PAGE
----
The doctor had come to see Evelyn, had pronounced her whole in limb, and not as much shaken by her fall out of her carriage as might have been expected. After prescribing a day in bed, and all absence of excitement, he went away, promising to look in again in a few days.
After two or three applications the injured girl stirred faintly, a shade of color came into her cheeks, and she opened her eyes.
"We have lost her," said Olive, with a sigh.
She was not present, however, and did not, indeed, put in an appearance in the breakfast room until the meal was half over."How disagreeable! I can't live without flowers. I suppose papa will not expect me to stay if I don't like the place?"
While Janet was speaking, Dorothy, who had refused to seat herself in the armchair assigned to her, and whose clear, bright blue eyes were roving eagerly all over the beautiful summer landscape, exclaimed in an eager voice:
Ruth clapped her hands.Janet bent her fair face again over the open page; a faint flush had risen in each of her cheeks.She sat down presently on the nearest chair and covered her face with her hands. She could only resolve on one thing—she would certainly not yield to Mrs. Freeman's request—nothing would induce her to promise to obey the rules of the school.Mrs. Freeman always presided at the head of the board, Miss Patience invariably sat at the foot, Miss Delicia wandered about restlessly, helping the girls to milk and fruit, patting her favorites on their backs, bending down to inquire tenderly how this girl's headache was, and if another had come off conqueror in her tennis match. No girl in the school minded or feared Miss Delicia in the least. Unlike her two sisters, who were tall and thin, she was a little body with a round face, rosy cheeks, hair very much crimped, and eyes a good deal creased with constant laughter. No one had ever seen Miss Delicia the least bit cross or the least bit annoyed with anyone. She was invariably known to weep with the sorrowful, and laugh with the gay—she was a great coddler and physicker—thought petting far better than punishment, and play much more necessary for young girls than lessons.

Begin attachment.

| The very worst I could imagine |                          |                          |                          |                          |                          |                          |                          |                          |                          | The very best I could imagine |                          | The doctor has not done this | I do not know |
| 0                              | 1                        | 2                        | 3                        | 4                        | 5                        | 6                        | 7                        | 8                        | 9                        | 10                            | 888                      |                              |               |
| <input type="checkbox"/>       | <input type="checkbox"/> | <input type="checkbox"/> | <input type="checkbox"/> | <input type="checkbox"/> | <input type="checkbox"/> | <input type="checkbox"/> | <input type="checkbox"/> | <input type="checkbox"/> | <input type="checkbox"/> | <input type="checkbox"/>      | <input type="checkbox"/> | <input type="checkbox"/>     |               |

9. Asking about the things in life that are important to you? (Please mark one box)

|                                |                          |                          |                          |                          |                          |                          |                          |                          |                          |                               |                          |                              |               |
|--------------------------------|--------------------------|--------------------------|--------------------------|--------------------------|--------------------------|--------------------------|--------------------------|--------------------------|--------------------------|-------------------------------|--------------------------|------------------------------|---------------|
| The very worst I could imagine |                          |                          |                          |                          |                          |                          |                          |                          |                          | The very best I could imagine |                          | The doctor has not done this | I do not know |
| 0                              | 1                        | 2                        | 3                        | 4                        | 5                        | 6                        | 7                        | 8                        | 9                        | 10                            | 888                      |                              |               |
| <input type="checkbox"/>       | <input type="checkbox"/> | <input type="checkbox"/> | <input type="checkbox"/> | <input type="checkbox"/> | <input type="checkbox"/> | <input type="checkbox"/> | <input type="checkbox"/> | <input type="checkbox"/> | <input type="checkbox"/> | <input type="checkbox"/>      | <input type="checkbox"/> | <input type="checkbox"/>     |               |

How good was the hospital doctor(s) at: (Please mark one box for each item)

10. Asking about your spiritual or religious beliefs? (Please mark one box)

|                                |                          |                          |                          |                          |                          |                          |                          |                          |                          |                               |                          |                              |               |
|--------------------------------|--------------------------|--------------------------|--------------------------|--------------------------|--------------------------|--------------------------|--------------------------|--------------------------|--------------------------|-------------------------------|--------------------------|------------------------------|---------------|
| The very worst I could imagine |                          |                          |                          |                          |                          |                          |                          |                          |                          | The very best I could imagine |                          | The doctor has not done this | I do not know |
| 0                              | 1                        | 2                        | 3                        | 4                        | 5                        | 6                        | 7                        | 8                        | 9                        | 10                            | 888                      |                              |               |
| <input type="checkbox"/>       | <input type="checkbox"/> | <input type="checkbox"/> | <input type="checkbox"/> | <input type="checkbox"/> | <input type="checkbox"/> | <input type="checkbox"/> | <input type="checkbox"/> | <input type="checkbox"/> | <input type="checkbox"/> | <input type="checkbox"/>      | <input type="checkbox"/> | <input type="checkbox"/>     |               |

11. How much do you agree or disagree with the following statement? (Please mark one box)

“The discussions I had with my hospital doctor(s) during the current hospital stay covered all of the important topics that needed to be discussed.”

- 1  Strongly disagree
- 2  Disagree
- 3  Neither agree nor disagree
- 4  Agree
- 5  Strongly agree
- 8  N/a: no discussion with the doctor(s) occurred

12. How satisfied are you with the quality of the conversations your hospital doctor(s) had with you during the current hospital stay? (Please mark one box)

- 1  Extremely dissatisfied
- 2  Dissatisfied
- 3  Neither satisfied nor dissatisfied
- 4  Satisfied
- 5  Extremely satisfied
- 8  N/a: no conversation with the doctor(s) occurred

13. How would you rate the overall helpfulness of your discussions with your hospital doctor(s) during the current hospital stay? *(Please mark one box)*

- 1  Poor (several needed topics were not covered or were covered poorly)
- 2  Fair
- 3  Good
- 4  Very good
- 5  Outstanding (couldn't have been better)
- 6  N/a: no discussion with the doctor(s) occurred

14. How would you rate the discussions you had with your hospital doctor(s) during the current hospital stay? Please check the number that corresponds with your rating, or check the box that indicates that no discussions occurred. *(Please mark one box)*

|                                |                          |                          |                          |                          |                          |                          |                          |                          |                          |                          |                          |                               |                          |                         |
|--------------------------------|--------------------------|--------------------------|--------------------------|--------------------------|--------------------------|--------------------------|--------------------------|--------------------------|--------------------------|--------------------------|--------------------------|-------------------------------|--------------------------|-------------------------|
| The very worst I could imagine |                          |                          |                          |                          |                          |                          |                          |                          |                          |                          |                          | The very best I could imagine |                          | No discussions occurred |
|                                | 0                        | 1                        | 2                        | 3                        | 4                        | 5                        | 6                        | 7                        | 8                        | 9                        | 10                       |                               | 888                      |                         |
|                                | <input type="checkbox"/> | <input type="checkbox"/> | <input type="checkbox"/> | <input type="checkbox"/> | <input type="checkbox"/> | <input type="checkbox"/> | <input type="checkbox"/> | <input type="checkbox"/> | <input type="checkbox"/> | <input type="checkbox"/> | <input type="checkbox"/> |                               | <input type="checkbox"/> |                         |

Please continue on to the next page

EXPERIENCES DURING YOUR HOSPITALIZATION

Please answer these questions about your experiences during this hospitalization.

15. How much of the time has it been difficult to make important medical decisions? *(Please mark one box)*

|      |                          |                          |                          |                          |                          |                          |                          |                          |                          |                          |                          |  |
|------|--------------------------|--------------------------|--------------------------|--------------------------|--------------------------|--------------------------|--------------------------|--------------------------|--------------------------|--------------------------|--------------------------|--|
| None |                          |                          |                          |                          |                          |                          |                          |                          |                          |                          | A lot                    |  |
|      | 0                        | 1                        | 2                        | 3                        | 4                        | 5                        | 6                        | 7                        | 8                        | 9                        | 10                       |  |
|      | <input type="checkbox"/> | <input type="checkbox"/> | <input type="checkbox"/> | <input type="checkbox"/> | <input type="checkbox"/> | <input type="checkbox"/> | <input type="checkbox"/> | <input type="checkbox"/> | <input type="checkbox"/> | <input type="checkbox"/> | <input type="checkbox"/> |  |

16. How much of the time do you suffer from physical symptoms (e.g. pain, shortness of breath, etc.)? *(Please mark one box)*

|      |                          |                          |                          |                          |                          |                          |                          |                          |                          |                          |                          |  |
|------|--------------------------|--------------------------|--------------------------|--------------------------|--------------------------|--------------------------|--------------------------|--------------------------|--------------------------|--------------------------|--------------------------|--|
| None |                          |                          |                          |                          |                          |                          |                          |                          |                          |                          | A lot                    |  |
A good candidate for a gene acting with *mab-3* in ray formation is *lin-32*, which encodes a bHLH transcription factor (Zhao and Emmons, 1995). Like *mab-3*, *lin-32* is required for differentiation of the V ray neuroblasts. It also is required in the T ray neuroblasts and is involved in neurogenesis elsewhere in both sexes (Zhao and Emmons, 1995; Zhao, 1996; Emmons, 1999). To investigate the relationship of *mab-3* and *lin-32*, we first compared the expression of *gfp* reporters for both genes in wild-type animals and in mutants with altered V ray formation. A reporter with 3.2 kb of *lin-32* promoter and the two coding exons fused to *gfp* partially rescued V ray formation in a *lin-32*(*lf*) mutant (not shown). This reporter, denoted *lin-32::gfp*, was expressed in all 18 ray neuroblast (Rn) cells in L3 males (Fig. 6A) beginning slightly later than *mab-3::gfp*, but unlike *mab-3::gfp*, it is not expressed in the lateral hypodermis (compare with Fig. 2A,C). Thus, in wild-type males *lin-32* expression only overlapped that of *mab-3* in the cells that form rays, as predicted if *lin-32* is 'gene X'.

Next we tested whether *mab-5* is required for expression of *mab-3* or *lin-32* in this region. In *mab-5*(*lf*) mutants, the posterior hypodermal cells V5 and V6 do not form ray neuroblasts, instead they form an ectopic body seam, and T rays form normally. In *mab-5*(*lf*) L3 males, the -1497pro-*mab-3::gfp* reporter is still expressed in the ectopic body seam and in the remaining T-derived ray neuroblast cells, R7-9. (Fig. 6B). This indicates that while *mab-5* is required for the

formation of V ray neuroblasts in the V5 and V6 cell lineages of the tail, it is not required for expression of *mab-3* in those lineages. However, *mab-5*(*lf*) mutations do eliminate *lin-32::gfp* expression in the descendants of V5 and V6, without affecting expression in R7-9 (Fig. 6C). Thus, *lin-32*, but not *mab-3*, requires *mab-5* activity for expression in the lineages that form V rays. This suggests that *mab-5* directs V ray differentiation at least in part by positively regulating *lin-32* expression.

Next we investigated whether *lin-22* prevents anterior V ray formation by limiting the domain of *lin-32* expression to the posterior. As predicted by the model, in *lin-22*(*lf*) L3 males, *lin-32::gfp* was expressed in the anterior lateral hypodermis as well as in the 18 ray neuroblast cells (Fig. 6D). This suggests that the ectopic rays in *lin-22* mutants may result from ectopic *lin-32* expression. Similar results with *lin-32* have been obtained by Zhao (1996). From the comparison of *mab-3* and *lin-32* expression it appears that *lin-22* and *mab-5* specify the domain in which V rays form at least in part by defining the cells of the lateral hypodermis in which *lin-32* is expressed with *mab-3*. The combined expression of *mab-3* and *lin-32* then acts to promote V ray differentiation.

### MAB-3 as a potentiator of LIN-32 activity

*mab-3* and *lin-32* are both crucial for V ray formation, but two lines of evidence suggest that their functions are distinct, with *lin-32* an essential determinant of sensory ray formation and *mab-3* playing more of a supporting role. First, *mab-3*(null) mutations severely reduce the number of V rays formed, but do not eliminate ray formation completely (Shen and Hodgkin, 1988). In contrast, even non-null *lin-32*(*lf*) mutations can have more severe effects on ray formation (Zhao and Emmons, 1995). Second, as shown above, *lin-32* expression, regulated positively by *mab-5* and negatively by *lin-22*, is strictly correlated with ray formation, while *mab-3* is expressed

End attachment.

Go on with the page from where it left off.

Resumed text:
She had not passed a pleasant morning, however, and this plan scarcely commended itself to her.
"Oh, good gra——! I mean, mercy Moses!"
"Couldn't you write to father, Mrs. Freeman, and tell him that I am not happy? Say, 'Biddy is not happy, and she wants to go back to you and the dogs.' If you say that, he'll let me come home fast enough. You might write by the next post, and father, he'd jump on the jaunting-car and drive into Ballyshannon, and send you a wire. If papa wires to you, Mrs. Freeman, the very moment he gets your letter, I may perhaps be home on Sunday."
Mrs. Freeman could not help uttering a faint, inward sigh.